In some villages as many as 90 percent of the women have been raped; men in the villages are usually unarmed, and incapable of fighting back. In Walungu the team found 24-year-old Lucienne M'Maroyhi. She was at home one night with her two children and her younger brother, when six soldiers broke in. They tied her up and began to rape her, one by one.
"I was lying on the ground, and they gave a flashlight to my younger brother so that he could see them raping me," she recalls.
"They were telling your brother to hold the flashlight?" Cooper asks.
"Yes," she says. "They raped me like they were animals, one after another. When the first one finished, they washed me out with water, told me to stand up, so the next man could rape me."
She was convinced they'd kill her, just as soldiers had murdered her parents the year before. Instead, they turned to her brother. "They wanted him to rape me but he refused, and told them, 'I cannot do such a thing. I cannot rape my sister.' So they took out their knives and stabbed him to death in front of me," she recalls.
Lucienne was then dragged through the forest to the soldier's camp. She was forced to become their slave and was raped every day for eight months. All the while, she had no idea where her children were.
"Did you know if they were alive or dead?" Cooper asks.
"I was thinking that they had killed. I didn't think I would find them alive," she replies.
Finally, Lucienne escaped. Back in her village, she found her two little girls were alive. But she also learned that she was pregnant. She was carrying the child of one of her rapists. Lucienne's husband abandoned her. That happens to rape survivors all over Congo.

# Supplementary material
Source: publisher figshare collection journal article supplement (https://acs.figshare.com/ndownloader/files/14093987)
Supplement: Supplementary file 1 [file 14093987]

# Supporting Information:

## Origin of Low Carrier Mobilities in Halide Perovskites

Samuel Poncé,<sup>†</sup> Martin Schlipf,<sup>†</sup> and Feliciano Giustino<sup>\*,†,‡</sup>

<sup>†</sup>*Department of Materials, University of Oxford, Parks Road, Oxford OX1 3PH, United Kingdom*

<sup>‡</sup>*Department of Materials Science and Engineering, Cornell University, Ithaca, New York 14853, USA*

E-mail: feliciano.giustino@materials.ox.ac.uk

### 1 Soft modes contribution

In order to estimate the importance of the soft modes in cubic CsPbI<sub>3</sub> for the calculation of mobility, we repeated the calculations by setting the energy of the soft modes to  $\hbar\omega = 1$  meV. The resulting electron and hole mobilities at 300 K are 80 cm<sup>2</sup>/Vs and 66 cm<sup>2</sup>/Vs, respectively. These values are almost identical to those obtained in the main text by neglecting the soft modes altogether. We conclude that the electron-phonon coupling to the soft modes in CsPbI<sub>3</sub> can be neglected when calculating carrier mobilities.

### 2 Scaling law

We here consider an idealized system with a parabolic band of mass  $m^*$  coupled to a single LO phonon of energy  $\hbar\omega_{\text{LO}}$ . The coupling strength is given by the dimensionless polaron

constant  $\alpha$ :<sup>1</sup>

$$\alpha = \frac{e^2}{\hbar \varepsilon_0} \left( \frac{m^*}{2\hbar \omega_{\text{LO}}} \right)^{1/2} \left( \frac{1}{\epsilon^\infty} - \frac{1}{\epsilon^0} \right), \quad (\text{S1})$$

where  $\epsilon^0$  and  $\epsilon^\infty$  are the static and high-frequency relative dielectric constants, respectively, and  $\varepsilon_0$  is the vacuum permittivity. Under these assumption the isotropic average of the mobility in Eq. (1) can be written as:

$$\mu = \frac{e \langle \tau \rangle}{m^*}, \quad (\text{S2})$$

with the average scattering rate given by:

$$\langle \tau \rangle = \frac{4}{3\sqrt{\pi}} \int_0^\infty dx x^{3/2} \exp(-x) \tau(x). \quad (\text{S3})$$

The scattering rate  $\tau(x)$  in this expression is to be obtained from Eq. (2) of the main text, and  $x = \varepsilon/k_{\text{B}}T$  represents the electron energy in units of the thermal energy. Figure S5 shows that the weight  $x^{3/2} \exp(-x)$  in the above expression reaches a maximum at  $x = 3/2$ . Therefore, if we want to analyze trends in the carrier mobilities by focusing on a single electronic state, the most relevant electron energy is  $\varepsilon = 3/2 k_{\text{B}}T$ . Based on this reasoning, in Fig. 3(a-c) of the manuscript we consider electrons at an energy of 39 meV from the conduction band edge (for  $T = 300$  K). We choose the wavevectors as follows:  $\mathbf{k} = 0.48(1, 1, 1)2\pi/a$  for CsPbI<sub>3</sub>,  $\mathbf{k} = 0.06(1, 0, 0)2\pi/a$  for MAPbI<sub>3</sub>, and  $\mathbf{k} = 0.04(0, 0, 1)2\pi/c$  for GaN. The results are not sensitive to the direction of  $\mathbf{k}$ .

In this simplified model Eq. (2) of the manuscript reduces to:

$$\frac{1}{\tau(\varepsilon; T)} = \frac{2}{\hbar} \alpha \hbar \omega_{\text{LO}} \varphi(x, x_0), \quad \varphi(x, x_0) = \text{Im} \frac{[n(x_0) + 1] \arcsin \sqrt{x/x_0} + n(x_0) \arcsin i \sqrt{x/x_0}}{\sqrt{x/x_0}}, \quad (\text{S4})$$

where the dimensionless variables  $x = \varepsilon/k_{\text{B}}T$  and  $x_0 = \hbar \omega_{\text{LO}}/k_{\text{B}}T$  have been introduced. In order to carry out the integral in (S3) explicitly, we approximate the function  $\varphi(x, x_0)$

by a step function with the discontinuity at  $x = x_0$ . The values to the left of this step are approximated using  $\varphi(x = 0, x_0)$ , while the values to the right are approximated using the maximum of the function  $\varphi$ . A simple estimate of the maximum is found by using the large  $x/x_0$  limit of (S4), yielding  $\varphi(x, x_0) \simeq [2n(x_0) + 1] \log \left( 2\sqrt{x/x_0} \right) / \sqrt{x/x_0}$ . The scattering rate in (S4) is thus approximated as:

"When a woman is raped, it's not just her that's raped. It's the entire community that's destroyed," says Judithe Registre, who is with an organization called "Women for Women." They run support groups for survivors of rape.
"When they take a woman to rape her, they'll line up the family, they'll line up other members of the communities to actually witness that," Registre says. "They make them watch. And so, what that means for that particular woman when it's all over, is that total shame, personally, to have been witnessed by so many people as she's being violated."
Many of the women in Dr. Mukwege's hospital are not only blamed for what happened to them, they are shunned because of fears they've contracted HIV and shunned because their rapes were so violent they can no longer control their bodily functions.
Dr. Mukwege says he's doing about five surgeries a day.
His patients often have had objects inserted into their vaginas, like broken bottles, bayonets. Some women have even been shot between the legs by their rapists.
"Why would somebody do that? Why would somebody shoot a woman inside?" Cooper asks.
"In the beginning I was asking myself the same question. This is a show of force, of power, it's done to destroy the person," Dr. Mukwege says. "Sex is being used to commit evil. People flee. They become refugees. They can't get help, they become malnourished and it's disease which finishes them off."